While there are increasing numbers of large wind farms being built around the world, many of these projects are underperforming and not producing as much power as expected. New research suggests the reason could be that the wind turbines are being placed too close together. The researchers say that spreading the turbines out will result in a more cost-efficient wind farms and they’ve come up with a formula through which the optimal spacing for a large array of turbines can be obtained.

The newest wind farms, be they on or offshore, typically use turbines with rotor diameters of around 300 feet (91 m), which are typically spaced about seven rotor diameters apart. Charles Meneveau, a fluid mechanics and turbulence expert at Johns Hopkins University, working with Johan Meyers, an assistant professor at Katholieke Universiteit Leuven in Belgium, conducted research that indicates placing the wind turbines more than twice as far apart as current layouts – 15 rotor diameters apart – results in more cost-efficient power generation.


Upgrade to a Plus subscription today, and read the site without ads.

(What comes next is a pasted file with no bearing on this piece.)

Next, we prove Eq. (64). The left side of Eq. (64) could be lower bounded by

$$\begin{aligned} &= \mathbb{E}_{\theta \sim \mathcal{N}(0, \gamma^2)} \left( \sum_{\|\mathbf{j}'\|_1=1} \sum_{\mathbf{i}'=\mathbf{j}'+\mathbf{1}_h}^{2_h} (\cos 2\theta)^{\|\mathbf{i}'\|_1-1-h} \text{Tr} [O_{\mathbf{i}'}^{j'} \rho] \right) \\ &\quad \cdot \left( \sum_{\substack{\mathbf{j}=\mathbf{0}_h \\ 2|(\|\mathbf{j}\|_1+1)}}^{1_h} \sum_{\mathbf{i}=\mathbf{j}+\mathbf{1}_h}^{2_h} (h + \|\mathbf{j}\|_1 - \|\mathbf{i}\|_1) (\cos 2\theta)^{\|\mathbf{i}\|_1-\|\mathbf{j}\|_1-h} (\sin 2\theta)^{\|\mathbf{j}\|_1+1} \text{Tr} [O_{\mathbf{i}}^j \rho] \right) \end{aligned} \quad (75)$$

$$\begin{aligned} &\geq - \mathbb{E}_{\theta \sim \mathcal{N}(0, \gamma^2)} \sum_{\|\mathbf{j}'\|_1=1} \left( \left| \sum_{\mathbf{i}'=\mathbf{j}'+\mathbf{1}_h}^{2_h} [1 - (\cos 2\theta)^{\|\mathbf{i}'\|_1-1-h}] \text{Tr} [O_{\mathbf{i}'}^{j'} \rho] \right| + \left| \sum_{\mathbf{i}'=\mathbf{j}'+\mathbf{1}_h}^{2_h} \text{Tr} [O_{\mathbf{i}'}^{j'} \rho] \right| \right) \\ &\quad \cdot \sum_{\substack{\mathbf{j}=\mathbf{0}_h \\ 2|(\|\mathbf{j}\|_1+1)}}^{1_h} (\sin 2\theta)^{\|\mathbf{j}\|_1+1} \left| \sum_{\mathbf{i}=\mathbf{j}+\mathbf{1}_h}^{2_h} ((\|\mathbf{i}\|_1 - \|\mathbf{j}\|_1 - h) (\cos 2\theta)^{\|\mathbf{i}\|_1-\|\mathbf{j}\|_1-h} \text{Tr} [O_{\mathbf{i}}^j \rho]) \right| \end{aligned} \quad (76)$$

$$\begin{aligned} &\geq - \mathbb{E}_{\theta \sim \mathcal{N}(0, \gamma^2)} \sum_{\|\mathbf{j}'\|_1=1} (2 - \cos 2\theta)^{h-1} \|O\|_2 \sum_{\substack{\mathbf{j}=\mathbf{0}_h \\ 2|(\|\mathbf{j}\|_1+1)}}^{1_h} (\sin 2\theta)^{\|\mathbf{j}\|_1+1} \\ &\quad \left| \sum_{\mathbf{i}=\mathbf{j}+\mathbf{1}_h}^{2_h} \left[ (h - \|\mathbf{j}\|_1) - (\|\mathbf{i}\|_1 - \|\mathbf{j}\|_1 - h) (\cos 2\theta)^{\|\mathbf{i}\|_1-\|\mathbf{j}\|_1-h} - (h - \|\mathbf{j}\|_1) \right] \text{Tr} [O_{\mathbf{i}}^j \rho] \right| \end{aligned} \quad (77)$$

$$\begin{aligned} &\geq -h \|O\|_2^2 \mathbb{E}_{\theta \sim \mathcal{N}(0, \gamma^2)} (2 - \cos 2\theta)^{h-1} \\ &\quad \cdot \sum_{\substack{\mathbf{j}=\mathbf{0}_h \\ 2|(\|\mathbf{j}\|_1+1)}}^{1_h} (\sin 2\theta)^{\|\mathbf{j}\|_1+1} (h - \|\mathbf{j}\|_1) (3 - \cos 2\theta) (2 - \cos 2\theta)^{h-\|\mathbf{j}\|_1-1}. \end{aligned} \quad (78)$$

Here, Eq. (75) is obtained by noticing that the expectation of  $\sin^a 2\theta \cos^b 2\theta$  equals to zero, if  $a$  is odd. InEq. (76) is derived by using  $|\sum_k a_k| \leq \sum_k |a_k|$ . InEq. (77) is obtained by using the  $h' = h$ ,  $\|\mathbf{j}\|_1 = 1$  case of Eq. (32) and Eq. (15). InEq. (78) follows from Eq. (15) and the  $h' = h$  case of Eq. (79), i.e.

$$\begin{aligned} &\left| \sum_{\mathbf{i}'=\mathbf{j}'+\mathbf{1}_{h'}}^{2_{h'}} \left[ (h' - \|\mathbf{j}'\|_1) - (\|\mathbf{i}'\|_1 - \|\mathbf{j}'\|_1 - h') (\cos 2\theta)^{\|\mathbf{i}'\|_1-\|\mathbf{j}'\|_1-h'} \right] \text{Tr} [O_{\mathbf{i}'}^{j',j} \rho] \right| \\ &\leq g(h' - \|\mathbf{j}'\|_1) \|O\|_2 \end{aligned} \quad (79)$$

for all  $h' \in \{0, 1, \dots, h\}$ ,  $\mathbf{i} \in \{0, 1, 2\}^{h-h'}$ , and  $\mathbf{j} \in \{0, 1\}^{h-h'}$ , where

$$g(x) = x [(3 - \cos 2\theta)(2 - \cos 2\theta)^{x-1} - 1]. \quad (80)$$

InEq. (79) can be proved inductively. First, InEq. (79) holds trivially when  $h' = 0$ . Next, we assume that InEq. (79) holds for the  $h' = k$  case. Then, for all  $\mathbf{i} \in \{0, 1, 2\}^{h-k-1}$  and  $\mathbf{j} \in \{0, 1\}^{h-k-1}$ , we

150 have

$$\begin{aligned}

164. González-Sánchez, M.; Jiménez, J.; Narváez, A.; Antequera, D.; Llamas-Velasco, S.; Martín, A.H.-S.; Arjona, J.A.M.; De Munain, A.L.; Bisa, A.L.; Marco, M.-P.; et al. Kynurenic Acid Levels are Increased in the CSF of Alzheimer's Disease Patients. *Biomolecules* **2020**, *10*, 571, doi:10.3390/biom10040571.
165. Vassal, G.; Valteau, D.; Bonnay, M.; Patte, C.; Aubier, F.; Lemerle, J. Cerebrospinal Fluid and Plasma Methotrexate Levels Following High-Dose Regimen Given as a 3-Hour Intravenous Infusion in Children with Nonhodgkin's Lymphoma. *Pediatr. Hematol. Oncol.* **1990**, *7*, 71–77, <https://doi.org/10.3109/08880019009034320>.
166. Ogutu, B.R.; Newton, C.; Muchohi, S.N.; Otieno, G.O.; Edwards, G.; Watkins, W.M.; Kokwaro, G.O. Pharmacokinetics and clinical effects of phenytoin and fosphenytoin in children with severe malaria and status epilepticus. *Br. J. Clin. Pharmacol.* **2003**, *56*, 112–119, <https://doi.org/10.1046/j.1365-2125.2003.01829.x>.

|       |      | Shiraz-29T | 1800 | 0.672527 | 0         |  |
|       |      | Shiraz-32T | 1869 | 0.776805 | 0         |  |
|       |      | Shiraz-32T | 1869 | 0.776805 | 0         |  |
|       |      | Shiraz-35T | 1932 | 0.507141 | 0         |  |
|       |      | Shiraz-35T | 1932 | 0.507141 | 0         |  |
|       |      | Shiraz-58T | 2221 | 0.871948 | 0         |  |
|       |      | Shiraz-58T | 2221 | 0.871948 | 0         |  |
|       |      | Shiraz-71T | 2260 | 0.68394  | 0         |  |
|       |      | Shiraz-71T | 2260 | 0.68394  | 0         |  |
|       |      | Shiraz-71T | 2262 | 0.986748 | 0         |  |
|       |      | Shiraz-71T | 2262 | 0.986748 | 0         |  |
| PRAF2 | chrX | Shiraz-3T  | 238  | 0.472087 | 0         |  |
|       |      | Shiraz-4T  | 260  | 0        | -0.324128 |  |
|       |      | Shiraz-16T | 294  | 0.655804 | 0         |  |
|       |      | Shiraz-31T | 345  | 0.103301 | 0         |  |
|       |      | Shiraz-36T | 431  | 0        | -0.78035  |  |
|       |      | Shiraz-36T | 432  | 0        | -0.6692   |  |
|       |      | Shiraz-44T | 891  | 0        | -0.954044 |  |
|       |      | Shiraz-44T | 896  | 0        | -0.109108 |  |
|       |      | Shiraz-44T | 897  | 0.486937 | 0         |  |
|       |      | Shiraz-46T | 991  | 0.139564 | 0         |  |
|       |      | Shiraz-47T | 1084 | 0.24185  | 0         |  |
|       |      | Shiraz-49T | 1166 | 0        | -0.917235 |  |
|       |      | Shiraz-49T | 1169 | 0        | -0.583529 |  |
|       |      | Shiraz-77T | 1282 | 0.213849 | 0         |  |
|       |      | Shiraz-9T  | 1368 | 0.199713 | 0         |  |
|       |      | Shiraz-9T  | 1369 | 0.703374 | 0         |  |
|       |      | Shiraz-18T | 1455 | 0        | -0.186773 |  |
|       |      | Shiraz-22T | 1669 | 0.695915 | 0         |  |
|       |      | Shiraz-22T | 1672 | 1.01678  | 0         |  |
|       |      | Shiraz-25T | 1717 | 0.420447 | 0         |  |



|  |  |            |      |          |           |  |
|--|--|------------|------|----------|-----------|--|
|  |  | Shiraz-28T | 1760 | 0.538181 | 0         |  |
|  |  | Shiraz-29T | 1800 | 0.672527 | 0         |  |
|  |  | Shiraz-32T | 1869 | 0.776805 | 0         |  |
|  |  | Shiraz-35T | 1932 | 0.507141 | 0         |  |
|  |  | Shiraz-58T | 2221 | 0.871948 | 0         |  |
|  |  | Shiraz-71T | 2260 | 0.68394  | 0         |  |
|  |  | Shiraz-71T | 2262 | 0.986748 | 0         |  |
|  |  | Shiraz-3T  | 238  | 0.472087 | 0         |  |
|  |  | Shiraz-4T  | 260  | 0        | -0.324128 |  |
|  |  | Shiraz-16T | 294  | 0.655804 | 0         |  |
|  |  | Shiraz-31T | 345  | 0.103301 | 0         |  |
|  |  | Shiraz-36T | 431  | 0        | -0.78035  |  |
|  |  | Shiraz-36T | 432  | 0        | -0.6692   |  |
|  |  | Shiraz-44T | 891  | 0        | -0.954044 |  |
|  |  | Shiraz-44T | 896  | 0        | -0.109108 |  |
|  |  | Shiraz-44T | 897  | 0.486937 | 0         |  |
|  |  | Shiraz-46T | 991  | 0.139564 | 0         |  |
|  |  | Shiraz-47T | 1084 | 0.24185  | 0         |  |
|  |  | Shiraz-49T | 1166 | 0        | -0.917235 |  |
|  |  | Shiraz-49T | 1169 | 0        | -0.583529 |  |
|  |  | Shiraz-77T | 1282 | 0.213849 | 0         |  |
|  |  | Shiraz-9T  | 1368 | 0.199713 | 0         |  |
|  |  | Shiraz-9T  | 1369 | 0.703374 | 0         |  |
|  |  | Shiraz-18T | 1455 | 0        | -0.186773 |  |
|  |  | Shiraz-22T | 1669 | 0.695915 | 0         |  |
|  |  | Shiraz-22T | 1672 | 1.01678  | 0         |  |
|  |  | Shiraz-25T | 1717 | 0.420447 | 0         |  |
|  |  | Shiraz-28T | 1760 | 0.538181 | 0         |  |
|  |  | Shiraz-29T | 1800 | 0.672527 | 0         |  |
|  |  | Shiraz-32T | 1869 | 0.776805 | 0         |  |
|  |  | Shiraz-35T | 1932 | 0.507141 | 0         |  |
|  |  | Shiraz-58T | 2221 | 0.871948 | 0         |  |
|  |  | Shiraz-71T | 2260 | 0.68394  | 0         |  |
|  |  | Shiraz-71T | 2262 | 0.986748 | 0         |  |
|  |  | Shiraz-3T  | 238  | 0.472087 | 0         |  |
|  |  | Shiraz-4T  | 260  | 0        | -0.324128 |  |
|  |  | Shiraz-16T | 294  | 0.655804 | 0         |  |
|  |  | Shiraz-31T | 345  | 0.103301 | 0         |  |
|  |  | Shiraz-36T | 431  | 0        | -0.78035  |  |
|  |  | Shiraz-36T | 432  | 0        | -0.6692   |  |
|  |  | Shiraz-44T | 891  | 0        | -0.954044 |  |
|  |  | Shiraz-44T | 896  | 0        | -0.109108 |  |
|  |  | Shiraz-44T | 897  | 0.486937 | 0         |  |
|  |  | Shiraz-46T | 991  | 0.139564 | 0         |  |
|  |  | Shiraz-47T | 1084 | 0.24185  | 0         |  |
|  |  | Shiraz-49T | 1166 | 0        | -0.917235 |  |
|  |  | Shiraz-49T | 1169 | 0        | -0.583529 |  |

It's just US$19 a year.


Meneveau says that earlier computational models for large wind farms – those consisting of hundreds or even thousands of turbines – were based on simply adding up what happens in the wakes of single wind turbines. However, his new spacing model takes into account the interaction of arrays of turbines with the entire atmospheric wind flow.

The researchers claim that the energy generated in a large wind farm has less to do with horizontal winds and is more dependent on the strong winds that the turbulence created by the tall turbines pulls down from higher up in the atmosphere. Using high-performance computer simulations and wind tunnel experiments, they determined that in the correct spacing, the turbines alter the landscape in a way that creates turbulence, which stirs up the air and helps draw more powerful kinetic energy from higher altitudes.

The study by Meneveau and Meyers was presented recently at a meeting of the American Physical Society Division of Fluid Dynamics. However, Meneveau says further research is needed to learn how varying temperatures can affect the generation of power on large turbines. He has applied for continued funding to conduct such studies.